- Winners: Aaron Franklin, Nick Pencis, Wayne Mueller
- Pulled beef ribs from Louie Mueller BBQ
- Country Tavern Barbecue of Kilgore
- Tootsie Tomanetz of Snow's
- Franklin Barbecue
- Hard Eight Barbecue & Coleman's
- Pit Row
- Best shirt at the fest
- Barbecue Experts Panel, featuring Nick Pencis of Stanley's and Tootsie Tomanetz of Snow's
- Cousin's Barbecue of Ft. Worth
- Aaron Franklin of Franklin Barbecue
- Cleaning up at Stanley's
Texas Monthly hosted their second annual Barbecue Festival this Sunday, with Franklin Barbecue unsurprisingly victorious, winning Best Brisket. Stanley's from Tyler won for Best Pork Ribs, while Louie Mueller of Taylor racked up two awards, Best Beef Ribs and Best Sausage.
The event was held at The Long Center, overlooking downtown Austin on a beautiful day to eat meat. Lots of meat. Jake Silverstein, editor-in-chief of Texas Monthly, says attendance at this year's festival was just shy of 3,000 people, more than doubling last year's premiere. He tells Eater, "It was everything we hoped for. It's a dream come true having all these masters all in one place."
Throughout the day the lines were never too bad. The longest were for Snow's BBQ (around 20 minutes), Franklin Barbecue (around 10-15 minutes), and oddly for sweets at The Original Fried Pie Shop (about 10 minutes). A handful of places ran out of samples before the end of the event, but most everyone had their fill. Over fill, rather.
Eater surveyed a few pit masters to see how much meat they brought and what the preparation required. Most all of the joints traveled hours traveling to Austin, pits in tow. Toby Pilgrim of Country Tavern says he lost a lot of sleep this week getting ready. He worked for six weeks getting everything all together (the pit, the orders, the logistics), bringing in about 1,000 pounds of meat. Stan Edgar of Hard Eight also brought about 1,000 pounds, beginning prep the day before. Wayne Coleman of Coleman's towed in about 800 pounds, a mix of brisket, ribs and sausage.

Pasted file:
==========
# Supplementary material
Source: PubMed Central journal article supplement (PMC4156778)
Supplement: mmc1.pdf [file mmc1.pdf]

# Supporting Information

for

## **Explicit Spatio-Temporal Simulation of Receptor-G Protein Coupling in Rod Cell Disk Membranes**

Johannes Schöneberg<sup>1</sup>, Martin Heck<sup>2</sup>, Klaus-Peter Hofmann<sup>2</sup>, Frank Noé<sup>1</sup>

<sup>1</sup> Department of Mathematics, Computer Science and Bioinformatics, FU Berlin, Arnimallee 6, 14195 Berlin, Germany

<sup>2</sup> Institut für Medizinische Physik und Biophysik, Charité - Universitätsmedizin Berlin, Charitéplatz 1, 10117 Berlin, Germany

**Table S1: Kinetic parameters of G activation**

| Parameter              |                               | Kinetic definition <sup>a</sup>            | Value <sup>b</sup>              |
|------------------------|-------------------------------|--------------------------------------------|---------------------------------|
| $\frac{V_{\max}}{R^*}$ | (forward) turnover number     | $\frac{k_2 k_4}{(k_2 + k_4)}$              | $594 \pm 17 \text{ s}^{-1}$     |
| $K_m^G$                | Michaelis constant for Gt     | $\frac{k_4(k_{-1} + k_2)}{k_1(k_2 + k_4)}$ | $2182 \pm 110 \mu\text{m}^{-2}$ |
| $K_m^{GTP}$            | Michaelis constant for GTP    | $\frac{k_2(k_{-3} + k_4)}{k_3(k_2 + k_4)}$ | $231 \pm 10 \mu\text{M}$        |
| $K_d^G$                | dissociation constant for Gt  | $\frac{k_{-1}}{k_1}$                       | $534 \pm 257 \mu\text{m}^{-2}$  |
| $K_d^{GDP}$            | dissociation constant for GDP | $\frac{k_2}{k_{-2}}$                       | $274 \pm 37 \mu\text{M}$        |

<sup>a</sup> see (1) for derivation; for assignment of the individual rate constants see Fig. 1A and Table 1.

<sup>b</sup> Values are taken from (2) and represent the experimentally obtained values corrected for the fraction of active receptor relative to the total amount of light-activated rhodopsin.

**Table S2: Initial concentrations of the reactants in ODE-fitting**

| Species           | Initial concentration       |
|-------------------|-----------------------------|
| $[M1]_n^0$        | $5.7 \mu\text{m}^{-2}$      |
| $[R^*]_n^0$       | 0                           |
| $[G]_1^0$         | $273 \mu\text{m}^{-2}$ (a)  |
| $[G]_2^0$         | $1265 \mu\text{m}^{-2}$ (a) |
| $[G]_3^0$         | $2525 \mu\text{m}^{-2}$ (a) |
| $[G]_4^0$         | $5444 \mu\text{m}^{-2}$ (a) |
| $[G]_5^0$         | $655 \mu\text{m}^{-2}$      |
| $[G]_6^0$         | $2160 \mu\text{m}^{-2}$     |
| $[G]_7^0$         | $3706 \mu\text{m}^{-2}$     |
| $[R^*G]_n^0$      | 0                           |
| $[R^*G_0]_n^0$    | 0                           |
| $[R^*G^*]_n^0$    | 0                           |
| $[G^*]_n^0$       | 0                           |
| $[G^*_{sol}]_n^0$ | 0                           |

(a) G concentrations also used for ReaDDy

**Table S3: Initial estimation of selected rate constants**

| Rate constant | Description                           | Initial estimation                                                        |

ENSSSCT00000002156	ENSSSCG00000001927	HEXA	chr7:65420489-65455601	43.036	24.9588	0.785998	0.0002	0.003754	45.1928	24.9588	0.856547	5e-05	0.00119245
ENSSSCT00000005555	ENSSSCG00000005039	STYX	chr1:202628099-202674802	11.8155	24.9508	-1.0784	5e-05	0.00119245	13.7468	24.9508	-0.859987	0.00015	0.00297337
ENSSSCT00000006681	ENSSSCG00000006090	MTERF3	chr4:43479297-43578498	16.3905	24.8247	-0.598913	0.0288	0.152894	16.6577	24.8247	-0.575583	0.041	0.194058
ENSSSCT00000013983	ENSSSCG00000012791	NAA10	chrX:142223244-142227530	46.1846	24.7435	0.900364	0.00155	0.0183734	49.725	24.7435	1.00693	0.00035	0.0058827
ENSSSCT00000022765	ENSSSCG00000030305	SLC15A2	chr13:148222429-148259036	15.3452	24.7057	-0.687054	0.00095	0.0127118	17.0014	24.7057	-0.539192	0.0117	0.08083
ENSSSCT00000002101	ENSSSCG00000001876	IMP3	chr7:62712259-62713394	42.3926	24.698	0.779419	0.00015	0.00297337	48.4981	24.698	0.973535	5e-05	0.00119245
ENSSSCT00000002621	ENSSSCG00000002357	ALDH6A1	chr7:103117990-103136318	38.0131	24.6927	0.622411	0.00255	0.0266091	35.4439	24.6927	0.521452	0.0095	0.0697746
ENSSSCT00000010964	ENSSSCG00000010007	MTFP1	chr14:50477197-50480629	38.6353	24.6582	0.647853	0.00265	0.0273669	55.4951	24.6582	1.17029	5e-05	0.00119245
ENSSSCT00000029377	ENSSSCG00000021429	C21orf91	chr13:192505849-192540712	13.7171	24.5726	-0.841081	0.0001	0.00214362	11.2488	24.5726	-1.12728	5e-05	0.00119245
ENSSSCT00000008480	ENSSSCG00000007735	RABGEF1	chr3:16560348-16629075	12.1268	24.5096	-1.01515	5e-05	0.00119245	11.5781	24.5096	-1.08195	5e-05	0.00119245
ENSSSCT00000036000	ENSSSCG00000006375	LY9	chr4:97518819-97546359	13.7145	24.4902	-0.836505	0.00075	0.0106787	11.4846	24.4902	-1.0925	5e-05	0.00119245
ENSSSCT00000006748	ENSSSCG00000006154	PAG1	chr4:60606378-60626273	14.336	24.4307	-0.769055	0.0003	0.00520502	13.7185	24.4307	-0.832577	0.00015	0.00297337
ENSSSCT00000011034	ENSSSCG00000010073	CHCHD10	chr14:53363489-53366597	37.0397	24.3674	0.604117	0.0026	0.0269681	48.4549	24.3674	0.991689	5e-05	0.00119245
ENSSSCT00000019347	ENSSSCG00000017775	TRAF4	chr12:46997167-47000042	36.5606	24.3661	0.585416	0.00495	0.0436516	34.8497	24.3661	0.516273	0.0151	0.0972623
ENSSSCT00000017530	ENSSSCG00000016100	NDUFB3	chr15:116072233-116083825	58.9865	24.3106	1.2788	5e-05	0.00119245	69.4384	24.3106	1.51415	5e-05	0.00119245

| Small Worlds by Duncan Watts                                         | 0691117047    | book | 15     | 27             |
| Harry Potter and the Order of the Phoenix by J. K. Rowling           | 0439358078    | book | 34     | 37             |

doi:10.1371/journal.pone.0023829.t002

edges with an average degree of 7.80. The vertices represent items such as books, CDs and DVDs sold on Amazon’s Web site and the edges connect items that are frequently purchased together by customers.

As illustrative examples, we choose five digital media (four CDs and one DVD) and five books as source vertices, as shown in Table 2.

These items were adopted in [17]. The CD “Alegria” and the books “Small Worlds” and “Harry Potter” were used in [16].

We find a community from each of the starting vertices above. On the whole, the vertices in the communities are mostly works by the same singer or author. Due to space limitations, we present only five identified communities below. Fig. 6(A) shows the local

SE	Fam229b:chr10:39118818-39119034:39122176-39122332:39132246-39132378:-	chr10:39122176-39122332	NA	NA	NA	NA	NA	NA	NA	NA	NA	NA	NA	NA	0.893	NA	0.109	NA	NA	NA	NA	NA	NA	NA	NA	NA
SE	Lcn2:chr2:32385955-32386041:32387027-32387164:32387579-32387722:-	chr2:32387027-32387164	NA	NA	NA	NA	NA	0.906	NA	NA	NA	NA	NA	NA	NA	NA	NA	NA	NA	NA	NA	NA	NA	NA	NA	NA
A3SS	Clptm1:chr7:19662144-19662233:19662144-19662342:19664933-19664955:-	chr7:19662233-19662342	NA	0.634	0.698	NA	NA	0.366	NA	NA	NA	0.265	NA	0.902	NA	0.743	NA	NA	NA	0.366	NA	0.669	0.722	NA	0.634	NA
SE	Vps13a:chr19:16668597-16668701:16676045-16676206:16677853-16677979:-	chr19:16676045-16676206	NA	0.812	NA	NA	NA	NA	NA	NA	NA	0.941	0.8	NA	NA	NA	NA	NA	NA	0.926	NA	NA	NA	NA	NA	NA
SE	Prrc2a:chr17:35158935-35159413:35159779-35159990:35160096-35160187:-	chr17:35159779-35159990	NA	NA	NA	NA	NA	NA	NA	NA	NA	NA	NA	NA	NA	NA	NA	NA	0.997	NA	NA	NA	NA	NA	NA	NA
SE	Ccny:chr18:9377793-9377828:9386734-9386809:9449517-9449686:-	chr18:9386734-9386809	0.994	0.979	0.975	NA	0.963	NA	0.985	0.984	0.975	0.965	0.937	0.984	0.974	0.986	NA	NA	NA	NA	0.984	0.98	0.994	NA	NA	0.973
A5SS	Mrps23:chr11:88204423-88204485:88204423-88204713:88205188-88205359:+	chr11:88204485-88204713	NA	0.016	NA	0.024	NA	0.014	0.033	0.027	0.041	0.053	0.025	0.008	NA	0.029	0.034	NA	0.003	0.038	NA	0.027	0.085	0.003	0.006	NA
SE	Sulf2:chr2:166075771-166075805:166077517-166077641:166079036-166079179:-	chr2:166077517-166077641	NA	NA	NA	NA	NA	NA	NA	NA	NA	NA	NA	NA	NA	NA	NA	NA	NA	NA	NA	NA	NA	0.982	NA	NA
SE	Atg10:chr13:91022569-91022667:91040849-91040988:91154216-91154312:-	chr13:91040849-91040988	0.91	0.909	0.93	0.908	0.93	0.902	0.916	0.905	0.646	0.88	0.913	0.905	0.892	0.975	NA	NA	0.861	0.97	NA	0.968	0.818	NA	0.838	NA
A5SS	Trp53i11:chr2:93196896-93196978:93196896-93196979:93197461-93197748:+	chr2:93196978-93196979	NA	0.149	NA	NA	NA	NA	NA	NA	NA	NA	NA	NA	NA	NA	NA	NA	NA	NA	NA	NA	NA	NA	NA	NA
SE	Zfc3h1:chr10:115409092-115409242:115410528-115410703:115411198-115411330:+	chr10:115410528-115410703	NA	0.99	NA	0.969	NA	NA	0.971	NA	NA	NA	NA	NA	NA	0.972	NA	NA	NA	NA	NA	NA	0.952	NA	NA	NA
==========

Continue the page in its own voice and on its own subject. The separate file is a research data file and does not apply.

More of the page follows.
Aaron Franklin spent most of the festival hanging out, enjoying the opportunity to chat with the state's best pit masters. When he won, he walked on stage in style, with a Shiner Bock in hand. Nick Pencis of Stanley's said preparation for the event was a full week of work, his new pit just being delivered on Monday. "It was kind of schizo today. It was a beast," he says of his new toy. Wayne Mueller of Louie Mueller Barbecue said he had no idea he'd win, especially twice. "I'm amazed. My first thought is that my dad would be proud." Starting at his dad's shop when he was 8 years old, Mueller says his goal is to keep the continuity and adding to what his family started.
The day ended with Wayne Coleman asking the Texas Monthly staff, "Can I park my pit at the hotel overnight?" We're sure any hotel staff would welcome that, as long as Coleman shares some of his smoky deliciousness.